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Owners guide to general anaesthesia

Before bringing your pet in for a general anaesthetic

We ask you to starve your pet for 12 hours before the procedure. This usually means not feeding him after 8pm the previous night. This is necessary because a full stomach may make your pet more likely to vomit during the initial and final stages of anaesthesia. Also when your pet is anaesthetised they are unable to swallow so could inhale bits of food. These could then block the airway or cause a lung infection.

Water does not need to be withheld, so they can have a drink until they need to leave your house.

Caring for your pet after the anaesthetic

After collecting your pet it is best to keep them somewhere familiar, quiet and warm so you can check on their progress without disturbing them. Usually you can offer a light meal after a few hours but do not be too worried if their appetite is not back to normal immediately. Dogs should be restricted to the house and garden for 3 days and cats should be restricted to the house and supplied with a litter tray for 3 days while they recover from the anaesthetic. Please follow any specific instructions you have been given and do not hesitate to call the surgery if you have any concerns.

What is general anaesthesia?

It is defined as "a state of unconsciousness produced by anaesthetic agents, with absence of pain sensation over the entire body and a greater or lesser degree of muscular relaxation."

What is an anaesthetic?

Anaesthetics are drugs, which we give either by injection or the animal breathes in.

What happens during anaesthesia?

Before your pet is anaesthetised, the vet will examine your pet and choose the most suitable anaesthetic protocol, according to your pet's age and general health. Most anaesthetic procedures usually consist of four different stages.

  1. Pre-anaesthetic medication phase:
    Drugs are given now to reduce the patient's anxiety, we may also give pain-killing drugs.
  2. Introduction of anaesthesia i.e. induction phase:
    We inject an anaesthetic agent into the vein on the foreleg. This makes your pet anaesthetised and they pass into the next stage of the anaesthetic procedure, called the maintenance phase.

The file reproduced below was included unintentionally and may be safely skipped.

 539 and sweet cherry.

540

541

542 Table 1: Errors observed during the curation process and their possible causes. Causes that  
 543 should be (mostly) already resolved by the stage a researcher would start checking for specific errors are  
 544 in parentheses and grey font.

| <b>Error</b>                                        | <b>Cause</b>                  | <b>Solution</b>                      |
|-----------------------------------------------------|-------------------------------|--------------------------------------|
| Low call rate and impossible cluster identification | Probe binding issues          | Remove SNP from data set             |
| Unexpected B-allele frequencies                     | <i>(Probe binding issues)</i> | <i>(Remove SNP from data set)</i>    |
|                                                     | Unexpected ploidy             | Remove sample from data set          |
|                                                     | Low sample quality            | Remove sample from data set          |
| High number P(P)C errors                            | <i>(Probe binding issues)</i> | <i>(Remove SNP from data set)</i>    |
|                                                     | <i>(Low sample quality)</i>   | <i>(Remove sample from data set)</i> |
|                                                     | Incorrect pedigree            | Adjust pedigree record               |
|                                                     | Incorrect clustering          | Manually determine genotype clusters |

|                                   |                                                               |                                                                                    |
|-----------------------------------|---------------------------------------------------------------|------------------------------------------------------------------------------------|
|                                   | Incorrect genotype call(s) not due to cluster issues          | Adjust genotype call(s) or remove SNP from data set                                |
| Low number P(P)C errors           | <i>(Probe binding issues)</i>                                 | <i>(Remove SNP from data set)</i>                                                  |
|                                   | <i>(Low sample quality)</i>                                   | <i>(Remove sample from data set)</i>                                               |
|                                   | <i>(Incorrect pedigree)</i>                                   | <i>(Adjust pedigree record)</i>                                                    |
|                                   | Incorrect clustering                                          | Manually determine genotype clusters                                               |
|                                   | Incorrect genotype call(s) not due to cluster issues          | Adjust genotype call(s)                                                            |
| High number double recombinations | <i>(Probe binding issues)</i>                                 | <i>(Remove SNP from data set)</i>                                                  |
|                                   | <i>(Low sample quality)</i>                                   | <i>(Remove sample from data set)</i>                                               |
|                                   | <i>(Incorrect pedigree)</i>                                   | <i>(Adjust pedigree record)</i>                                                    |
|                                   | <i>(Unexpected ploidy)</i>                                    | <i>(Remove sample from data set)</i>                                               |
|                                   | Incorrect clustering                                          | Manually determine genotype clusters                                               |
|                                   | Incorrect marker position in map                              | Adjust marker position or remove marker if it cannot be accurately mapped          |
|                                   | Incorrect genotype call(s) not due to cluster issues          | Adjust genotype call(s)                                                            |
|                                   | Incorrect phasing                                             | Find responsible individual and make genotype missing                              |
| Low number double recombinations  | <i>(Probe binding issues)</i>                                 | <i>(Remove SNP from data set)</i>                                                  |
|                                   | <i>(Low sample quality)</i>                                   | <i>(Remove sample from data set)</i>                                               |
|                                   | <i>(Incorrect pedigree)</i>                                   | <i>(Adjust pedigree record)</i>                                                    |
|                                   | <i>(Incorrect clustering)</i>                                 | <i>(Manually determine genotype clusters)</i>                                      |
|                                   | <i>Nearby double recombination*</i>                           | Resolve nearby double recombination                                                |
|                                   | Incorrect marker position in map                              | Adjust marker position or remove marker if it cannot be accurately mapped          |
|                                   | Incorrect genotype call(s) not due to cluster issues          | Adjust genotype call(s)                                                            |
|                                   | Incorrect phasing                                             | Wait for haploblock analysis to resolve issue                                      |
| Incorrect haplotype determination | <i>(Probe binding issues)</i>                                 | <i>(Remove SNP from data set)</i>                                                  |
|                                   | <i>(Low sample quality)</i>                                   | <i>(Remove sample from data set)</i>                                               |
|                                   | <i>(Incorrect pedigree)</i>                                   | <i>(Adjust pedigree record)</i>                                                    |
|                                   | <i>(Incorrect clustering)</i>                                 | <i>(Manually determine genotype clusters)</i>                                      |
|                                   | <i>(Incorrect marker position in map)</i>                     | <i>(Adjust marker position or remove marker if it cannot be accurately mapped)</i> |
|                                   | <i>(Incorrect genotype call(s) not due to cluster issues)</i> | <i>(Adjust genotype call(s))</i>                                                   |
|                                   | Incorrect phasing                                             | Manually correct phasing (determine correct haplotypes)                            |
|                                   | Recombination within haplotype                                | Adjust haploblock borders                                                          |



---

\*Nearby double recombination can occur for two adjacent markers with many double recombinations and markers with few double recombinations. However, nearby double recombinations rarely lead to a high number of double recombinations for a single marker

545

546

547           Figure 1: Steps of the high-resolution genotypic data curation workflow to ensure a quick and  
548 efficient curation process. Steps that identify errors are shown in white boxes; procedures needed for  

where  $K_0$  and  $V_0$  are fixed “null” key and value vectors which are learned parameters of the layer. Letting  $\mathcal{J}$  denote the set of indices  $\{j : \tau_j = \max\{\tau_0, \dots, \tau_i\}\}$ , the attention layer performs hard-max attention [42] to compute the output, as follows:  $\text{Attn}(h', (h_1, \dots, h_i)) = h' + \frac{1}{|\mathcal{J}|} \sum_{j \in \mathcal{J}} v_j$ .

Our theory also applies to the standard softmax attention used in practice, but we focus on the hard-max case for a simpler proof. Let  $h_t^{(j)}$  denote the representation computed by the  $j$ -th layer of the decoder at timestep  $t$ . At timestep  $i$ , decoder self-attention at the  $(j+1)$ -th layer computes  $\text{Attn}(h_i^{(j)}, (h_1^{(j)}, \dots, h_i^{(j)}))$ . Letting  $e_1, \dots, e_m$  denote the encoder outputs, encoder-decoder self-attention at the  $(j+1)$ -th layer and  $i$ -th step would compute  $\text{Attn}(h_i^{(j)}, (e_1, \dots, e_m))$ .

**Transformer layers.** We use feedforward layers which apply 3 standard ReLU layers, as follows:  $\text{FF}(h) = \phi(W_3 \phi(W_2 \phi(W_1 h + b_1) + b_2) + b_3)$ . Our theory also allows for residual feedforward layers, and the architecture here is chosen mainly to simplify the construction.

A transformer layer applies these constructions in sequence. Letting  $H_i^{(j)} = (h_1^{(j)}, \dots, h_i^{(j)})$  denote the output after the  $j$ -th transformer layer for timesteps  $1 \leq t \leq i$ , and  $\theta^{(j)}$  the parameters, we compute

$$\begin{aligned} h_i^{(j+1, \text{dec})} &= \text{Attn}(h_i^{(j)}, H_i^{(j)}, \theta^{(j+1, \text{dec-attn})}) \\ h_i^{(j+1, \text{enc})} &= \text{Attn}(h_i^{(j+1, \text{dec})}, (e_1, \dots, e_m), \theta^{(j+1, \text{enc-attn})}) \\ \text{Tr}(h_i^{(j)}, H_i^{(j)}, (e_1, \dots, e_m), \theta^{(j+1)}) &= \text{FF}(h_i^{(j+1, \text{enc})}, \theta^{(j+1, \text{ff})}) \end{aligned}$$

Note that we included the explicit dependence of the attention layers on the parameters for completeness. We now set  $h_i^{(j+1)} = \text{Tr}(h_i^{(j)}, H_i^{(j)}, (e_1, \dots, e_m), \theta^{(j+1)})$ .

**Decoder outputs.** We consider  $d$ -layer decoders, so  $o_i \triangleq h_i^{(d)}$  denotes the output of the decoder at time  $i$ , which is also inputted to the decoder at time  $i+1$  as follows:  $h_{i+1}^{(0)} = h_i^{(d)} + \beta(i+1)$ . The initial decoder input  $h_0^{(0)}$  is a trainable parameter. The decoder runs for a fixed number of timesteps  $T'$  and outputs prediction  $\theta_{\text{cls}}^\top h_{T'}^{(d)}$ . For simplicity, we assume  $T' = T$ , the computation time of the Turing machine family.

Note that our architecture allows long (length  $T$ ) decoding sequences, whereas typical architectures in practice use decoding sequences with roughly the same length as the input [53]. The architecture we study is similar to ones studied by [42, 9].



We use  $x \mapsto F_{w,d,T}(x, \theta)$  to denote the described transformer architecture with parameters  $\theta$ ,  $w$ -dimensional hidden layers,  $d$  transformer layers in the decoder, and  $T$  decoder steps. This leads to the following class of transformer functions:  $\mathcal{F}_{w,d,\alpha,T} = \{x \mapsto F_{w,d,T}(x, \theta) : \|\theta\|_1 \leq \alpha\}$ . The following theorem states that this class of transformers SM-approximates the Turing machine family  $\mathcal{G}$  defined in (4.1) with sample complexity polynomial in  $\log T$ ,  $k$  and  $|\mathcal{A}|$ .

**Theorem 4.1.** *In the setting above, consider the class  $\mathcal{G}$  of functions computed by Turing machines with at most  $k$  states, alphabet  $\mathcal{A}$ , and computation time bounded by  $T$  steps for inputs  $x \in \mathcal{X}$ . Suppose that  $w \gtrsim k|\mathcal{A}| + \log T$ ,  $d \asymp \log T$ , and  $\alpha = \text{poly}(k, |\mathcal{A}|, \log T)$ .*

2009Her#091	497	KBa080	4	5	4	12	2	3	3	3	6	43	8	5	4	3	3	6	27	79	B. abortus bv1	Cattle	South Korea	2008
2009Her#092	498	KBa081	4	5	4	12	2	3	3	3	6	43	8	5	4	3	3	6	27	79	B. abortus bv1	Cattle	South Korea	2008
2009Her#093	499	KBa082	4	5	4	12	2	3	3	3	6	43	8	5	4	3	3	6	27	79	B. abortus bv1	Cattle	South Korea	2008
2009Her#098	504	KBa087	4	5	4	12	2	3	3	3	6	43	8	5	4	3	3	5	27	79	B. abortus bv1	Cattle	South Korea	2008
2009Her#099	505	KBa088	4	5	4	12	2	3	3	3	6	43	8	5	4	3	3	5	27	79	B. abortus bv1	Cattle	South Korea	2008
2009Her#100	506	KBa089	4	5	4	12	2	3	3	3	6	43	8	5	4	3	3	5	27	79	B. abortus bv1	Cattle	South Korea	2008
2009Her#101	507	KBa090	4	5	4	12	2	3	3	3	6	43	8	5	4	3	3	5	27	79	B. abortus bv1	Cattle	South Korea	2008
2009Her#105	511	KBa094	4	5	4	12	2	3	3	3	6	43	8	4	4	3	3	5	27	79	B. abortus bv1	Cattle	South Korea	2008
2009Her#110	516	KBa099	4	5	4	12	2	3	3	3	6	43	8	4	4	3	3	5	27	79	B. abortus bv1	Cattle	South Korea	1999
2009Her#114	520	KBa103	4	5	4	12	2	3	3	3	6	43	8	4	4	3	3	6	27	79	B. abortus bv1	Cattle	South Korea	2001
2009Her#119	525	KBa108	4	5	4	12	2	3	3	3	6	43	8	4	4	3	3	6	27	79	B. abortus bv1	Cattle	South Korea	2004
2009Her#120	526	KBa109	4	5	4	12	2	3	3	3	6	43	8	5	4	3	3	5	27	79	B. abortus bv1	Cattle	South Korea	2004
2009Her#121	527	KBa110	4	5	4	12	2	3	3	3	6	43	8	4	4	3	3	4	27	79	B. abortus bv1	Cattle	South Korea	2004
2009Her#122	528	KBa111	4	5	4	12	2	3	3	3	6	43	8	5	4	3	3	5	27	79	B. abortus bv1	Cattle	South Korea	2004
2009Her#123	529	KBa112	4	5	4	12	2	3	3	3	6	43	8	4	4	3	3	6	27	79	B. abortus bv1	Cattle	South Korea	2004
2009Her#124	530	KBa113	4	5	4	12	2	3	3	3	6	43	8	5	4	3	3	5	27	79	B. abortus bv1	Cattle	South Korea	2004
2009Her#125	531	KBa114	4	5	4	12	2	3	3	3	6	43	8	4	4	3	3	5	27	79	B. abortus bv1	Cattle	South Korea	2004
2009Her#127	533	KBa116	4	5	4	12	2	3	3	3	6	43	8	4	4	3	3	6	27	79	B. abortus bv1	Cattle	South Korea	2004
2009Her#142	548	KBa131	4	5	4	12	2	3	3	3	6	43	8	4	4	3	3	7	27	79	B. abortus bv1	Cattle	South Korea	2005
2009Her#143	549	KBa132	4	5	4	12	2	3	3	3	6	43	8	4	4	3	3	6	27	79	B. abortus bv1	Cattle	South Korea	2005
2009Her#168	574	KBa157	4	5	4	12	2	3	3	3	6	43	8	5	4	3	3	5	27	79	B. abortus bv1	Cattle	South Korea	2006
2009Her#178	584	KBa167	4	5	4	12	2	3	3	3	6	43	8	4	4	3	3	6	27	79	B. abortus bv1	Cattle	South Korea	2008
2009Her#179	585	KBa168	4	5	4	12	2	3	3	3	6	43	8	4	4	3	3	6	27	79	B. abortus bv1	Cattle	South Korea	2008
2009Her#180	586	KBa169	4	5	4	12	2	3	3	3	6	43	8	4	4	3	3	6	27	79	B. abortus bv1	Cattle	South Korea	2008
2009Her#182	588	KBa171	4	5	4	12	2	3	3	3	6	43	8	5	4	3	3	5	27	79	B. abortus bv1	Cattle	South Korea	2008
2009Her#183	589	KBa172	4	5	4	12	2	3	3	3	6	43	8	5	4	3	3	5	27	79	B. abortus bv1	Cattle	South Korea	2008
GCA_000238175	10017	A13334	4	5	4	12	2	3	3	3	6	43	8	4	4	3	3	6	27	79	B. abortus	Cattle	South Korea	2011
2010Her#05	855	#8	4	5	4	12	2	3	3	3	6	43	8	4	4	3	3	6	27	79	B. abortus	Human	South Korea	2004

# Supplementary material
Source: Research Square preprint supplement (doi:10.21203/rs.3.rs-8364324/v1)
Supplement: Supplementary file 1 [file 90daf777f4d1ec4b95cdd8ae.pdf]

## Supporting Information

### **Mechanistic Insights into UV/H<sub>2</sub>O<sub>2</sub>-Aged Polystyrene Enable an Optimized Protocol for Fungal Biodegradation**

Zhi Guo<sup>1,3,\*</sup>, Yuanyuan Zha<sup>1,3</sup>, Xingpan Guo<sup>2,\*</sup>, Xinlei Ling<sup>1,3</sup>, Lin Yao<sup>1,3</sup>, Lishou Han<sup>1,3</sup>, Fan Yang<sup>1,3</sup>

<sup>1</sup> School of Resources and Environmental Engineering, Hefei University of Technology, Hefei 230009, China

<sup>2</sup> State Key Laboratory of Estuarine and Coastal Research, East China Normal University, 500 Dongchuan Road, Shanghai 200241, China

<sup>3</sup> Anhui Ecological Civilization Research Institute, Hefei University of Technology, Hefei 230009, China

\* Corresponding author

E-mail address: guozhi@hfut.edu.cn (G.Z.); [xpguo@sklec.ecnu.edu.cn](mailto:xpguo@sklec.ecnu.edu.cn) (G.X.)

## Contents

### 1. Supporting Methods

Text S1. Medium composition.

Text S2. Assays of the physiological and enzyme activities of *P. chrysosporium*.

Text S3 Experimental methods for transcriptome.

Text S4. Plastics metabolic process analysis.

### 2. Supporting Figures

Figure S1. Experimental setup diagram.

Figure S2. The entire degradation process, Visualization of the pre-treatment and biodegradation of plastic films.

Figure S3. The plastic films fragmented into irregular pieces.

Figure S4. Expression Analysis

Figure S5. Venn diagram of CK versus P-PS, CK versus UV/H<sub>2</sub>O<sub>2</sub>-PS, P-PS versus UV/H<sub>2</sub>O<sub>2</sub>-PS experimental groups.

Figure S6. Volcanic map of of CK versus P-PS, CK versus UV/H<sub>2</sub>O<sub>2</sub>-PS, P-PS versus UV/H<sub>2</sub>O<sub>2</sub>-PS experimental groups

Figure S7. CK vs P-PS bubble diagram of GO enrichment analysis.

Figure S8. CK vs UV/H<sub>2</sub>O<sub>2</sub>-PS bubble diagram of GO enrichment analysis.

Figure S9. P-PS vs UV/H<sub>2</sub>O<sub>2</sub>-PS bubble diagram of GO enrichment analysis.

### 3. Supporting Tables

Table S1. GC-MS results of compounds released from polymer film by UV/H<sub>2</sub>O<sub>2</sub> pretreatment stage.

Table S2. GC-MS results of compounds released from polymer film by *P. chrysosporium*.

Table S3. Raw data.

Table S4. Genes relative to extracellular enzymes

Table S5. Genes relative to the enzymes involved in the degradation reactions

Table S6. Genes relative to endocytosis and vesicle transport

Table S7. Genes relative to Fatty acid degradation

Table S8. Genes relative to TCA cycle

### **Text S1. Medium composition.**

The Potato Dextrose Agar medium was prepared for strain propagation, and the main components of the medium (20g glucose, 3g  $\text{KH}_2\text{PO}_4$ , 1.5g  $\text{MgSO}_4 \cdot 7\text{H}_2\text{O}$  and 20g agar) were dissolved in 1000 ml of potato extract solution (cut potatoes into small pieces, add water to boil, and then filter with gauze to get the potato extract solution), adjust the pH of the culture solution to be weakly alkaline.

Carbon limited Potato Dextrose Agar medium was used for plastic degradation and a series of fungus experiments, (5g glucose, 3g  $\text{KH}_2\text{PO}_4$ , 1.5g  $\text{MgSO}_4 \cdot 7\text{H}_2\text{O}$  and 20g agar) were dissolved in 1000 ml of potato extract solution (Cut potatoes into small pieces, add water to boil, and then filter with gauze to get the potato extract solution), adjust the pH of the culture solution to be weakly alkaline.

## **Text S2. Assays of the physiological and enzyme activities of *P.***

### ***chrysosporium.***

3. Maintenance phase:
    We maintain your pet's anaesthetic by passing a tube into their trachea (windpipe). We connect the tube to an anaesthetic machine which supplies your pet with a mixture of oxygen and anaesthetic gases. During this phase your pet is constantly monitored by a member of our nursing team.
  4. Recovery phase:
    Your pet will usually start to recover from anaesthesia very soon after the anaesthetic gases are stopped. Your pet is maintained on oxygen until they can maintain themselves. Your pet is monitored carefully during the recovery phase until they are completely awake.

Safety of veterinary anaesthetics

All anaesthetic procedures carry a small risk; this risk is especially low in healthy animals. The vet may decide to perform a number of tests to reduce this risk.

However certain groups of animals are at increased risk, these are the very elderly or very young, animals with pre-existing illnesses and all rabbits and small pets.

Pre-anaesthetic examination

All pets are examined by a vet prior to their anaesthetic. This is done to minimise any potential risks from the anaesthetic or the surgery. As a result of this examination the vet may decide to test a blood or urine sample. These tests are designed to identify additional health problems which can increase the risks of anaesthetics, such as kidney and liver problems, anaemia or diabetes mellitus. With this information the vet is then able to pick the anaesthetic best suited to your pet's age, condition and any underlying disease.

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